Muhammad Ali and Me
My dad was a boxer.
Everything I know about my father’s boxing career comes from the stories, the trophies, and old photographs. I never saw him fight. He quit boxing before I was born. I can’t say I know the reasons, but I can guess it had something to do with supporting a wife and new family, namely me in 1960.
Born in 1936, his early childhood spanned a world war and it was in post war America, with Joe Louis as the boxing hero, that my father’s love for the sport was born. In the 40s, 50s, and 60s, boxing clubs were as common as convenience stores today. It was kind of a rite of passage for young men to try their hand in the ring and my dad was pretty good at it. He never lost a fight.
For me and boxing it was 1970 and a controversial figure named Muhammad Ali. I remember my dad talking about this fighter and calling him Cassius Clay and then explaining to me that he changed his name for his religion and that he refused to go fight in Viet Nam because of his religious beliefs. At age 10 those things weren’t all that interesting to me I just wanted to see if there was going to be a knock out, but it appeared to me even at that young age, that my dad respected Ali for that. Maybe it had something to do with the fact that we were Mormons and he understood what it meant to make choices that were very different from the world due to one’s faith. I don’t know. But I do know we never missed an Ali fight.
I can’t say I was an Ali fan. I think it had something to do with my mother’s teaching that it was wrong to be cocky, boastful, and arrogant, and Muhammad Ali was all of those things and then some. So, due to a mother’s strong influence, I always cheered for the other guy. History says I cheered for a lot of losers.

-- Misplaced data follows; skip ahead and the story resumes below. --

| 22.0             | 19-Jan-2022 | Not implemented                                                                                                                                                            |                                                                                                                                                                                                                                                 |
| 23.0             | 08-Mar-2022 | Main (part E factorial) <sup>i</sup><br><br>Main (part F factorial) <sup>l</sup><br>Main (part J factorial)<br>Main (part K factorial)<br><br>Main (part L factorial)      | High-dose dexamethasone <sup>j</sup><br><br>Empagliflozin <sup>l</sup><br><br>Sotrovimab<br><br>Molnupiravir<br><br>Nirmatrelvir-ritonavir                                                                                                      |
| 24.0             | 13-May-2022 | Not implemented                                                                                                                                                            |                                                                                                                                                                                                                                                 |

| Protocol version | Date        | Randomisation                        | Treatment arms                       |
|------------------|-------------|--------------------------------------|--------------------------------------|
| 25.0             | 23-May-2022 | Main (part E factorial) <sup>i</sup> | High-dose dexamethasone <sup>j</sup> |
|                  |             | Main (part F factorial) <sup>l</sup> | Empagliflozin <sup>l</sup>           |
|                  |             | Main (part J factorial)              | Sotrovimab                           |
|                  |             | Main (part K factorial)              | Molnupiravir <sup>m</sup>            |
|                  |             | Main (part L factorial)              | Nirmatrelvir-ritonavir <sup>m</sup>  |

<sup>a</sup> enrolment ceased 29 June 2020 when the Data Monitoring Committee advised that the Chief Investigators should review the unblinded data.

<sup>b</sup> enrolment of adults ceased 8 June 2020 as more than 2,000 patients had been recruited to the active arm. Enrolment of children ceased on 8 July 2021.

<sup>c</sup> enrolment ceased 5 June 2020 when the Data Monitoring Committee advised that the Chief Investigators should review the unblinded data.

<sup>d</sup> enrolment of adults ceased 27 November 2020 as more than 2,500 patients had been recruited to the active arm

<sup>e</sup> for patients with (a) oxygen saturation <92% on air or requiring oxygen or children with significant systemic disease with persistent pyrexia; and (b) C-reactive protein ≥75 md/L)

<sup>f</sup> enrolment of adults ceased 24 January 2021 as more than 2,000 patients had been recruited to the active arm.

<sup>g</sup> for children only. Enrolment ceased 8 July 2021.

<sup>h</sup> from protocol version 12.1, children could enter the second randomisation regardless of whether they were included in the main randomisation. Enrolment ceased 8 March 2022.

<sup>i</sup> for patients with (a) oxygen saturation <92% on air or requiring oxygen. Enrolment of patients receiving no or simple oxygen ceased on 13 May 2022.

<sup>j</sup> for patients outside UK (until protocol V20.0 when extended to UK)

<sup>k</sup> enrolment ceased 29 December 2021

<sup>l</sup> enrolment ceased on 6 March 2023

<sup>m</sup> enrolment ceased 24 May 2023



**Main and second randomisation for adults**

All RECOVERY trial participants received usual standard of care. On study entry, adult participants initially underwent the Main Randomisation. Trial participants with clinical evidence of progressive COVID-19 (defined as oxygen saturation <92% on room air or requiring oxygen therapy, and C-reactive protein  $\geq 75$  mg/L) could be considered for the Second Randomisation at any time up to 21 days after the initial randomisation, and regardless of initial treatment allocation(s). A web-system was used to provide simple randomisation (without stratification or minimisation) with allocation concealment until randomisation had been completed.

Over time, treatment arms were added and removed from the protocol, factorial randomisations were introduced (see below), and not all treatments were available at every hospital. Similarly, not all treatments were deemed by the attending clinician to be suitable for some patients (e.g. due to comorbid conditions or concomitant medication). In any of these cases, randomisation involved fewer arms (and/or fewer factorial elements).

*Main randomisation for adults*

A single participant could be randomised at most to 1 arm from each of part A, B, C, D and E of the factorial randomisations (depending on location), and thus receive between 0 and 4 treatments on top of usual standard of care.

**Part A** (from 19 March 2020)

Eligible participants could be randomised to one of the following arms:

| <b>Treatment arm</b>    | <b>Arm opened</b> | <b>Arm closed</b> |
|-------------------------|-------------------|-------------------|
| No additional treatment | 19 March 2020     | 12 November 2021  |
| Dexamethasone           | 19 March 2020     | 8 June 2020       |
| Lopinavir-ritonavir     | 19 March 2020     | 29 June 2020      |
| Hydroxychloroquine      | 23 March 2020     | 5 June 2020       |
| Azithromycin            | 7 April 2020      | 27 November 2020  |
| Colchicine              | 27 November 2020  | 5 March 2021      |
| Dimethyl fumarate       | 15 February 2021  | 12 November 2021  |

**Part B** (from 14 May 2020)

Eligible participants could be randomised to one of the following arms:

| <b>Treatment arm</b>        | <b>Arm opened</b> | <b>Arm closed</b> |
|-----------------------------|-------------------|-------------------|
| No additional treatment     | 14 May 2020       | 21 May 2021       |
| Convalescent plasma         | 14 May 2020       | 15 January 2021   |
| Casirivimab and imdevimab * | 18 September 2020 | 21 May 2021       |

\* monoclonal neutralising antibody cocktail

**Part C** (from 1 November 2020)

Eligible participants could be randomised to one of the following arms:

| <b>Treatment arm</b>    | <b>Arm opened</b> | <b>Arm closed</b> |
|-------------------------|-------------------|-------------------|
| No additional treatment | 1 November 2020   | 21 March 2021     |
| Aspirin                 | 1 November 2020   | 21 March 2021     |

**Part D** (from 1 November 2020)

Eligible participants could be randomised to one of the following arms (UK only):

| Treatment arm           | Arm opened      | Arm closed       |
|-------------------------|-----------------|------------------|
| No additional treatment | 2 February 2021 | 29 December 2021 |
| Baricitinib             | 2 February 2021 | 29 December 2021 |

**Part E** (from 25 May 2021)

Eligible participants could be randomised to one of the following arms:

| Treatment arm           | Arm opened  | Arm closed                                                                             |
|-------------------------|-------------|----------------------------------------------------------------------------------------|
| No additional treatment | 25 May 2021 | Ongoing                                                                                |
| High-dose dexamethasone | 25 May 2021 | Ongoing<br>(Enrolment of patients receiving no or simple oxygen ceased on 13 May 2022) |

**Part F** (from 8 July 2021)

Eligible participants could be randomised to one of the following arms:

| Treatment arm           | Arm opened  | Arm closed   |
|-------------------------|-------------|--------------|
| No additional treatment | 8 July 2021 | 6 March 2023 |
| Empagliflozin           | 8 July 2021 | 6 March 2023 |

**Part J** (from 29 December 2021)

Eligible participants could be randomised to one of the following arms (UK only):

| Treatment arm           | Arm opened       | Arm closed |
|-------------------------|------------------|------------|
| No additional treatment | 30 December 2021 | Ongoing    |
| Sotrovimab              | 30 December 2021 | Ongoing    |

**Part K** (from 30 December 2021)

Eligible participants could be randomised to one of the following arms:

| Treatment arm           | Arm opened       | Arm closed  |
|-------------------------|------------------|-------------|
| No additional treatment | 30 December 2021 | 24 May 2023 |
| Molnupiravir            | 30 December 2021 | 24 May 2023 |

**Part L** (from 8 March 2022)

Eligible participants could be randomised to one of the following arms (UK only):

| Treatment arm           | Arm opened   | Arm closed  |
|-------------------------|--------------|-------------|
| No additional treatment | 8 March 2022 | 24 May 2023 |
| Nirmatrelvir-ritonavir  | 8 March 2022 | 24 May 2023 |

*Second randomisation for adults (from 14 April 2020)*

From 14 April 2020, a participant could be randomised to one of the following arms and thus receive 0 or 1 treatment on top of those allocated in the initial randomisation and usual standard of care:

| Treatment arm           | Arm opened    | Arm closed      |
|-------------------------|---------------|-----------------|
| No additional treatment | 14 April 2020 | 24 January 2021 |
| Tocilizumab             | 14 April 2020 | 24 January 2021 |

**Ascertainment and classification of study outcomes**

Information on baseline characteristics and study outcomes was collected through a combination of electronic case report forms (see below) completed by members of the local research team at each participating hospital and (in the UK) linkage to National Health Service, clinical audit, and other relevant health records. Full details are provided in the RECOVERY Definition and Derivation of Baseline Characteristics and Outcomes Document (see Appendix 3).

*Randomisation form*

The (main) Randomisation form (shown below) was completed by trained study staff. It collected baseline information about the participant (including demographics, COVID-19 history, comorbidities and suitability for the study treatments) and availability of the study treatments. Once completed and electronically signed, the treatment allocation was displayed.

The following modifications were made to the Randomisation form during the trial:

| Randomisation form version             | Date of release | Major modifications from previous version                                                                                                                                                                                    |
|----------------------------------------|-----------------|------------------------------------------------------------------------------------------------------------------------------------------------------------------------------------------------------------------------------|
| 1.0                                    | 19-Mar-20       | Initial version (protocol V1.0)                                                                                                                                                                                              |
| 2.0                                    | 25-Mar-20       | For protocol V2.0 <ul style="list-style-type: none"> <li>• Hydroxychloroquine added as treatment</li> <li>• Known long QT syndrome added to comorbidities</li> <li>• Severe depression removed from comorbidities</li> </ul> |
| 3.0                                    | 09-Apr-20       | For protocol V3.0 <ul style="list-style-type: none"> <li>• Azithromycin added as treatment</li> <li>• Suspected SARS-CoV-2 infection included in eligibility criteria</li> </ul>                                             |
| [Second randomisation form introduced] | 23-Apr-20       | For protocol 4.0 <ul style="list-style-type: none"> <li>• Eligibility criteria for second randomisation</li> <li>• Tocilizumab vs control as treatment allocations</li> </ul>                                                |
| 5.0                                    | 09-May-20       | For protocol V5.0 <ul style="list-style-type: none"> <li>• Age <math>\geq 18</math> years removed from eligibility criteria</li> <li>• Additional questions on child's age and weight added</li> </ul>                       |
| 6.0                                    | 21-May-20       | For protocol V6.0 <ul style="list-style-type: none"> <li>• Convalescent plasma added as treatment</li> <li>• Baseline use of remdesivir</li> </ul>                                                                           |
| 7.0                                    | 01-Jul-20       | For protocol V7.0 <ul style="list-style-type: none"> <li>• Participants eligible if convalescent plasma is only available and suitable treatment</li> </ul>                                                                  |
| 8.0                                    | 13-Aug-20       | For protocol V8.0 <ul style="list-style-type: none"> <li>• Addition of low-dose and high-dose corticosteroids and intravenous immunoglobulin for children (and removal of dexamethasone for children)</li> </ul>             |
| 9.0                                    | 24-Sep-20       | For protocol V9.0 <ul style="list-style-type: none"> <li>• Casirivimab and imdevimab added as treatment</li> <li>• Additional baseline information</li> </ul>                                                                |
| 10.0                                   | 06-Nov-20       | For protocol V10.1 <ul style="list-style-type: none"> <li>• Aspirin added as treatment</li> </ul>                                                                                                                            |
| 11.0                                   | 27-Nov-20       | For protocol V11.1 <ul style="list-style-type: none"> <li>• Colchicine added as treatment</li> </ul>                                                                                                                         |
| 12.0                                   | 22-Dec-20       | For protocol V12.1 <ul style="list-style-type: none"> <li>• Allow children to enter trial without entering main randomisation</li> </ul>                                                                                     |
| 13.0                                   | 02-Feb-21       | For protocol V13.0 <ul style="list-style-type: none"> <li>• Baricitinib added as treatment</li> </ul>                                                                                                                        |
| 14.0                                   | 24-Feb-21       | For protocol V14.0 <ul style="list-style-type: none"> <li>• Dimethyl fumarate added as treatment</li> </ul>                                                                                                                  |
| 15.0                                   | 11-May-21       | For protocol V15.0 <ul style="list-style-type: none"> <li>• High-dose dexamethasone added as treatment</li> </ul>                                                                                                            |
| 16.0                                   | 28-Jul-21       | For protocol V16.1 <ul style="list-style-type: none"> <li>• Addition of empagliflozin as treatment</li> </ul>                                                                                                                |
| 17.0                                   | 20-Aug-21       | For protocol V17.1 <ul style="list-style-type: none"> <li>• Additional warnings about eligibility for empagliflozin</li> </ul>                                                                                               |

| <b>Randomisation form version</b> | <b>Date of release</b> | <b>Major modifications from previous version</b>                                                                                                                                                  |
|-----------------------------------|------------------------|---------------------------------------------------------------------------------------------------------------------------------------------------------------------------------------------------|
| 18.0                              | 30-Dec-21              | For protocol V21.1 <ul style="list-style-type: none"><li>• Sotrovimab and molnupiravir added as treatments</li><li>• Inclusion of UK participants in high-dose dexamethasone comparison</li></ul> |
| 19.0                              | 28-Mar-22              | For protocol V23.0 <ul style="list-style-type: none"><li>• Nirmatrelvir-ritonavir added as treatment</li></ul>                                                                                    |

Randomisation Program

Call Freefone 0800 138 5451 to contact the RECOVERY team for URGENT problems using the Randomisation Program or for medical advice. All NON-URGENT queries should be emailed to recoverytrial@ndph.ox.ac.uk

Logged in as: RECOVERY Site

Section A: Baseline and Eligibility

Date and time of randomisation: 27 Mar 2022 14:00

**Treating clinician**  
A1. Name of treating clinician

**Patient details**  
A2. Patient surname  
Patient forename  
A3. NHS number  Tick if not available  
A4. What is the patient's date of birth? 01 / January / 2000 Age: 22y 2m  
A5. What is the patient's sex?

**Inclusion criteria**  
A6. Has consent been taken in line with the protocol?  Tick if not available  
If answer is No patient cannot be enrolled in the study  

In that first fight of 1970, Ali’s return from exile after three years of being banned from the ring due to his decision not to go to Viet Nam, my guy Jerry Quarry, lost when a cut in the 3rd round forced an end to the fight and a TKO win for Ali.
Outwardly, I may not have been a fan, but inwardly I loved to watch Ali fight. He was light on his feet, quick, always moving, fast hands and feet, and when he struck it was hard and accurate. His style was truly elegant and graceful which is why the phrase “float like a butterfly, sting like a bee” was the perfect simile.
I don’t think my dad and I missed a single heavy weight bout by Ali. Boxing was on free TV then. We watched the majority of his fights on a little black and white set. I remember listening to Howard Cosell at ringside giving the call blow-by-blow.
By the late 70s and early 80s, as the Champ’s career was coming to a close, I was more fan than foe. Ali had been so good for so long, it was hard not to like him and impossible not to respect him. Though I never had the opportunity to meet Muhammad Ali he had become a friend. No longer the foe. No longer the recipient of my agitation. When he fought Leon Spinks, losing once then coming back to win the second time, and then Larry Holmes who exposed the declining Ali and handed him the worst defeat of his career, I… no all, could see the end was near. When it did end, it happened in a less than spectacular 10 round loss by decision to Trevor Berbick on December 11, 1981. My heart ached for the man I loved to hate for so long who’s only real defeat in my mind came at the slow and methodical hands of father time. That irony isn’t lost.
The Greatest of all time had come to the end of his dominance in the ring and I was sad.
Now 25 years after his last defeat in the ring, The Greatest of all time, Muhammad Ali, has come to the end of his sojourn on this earth.
And I am sad.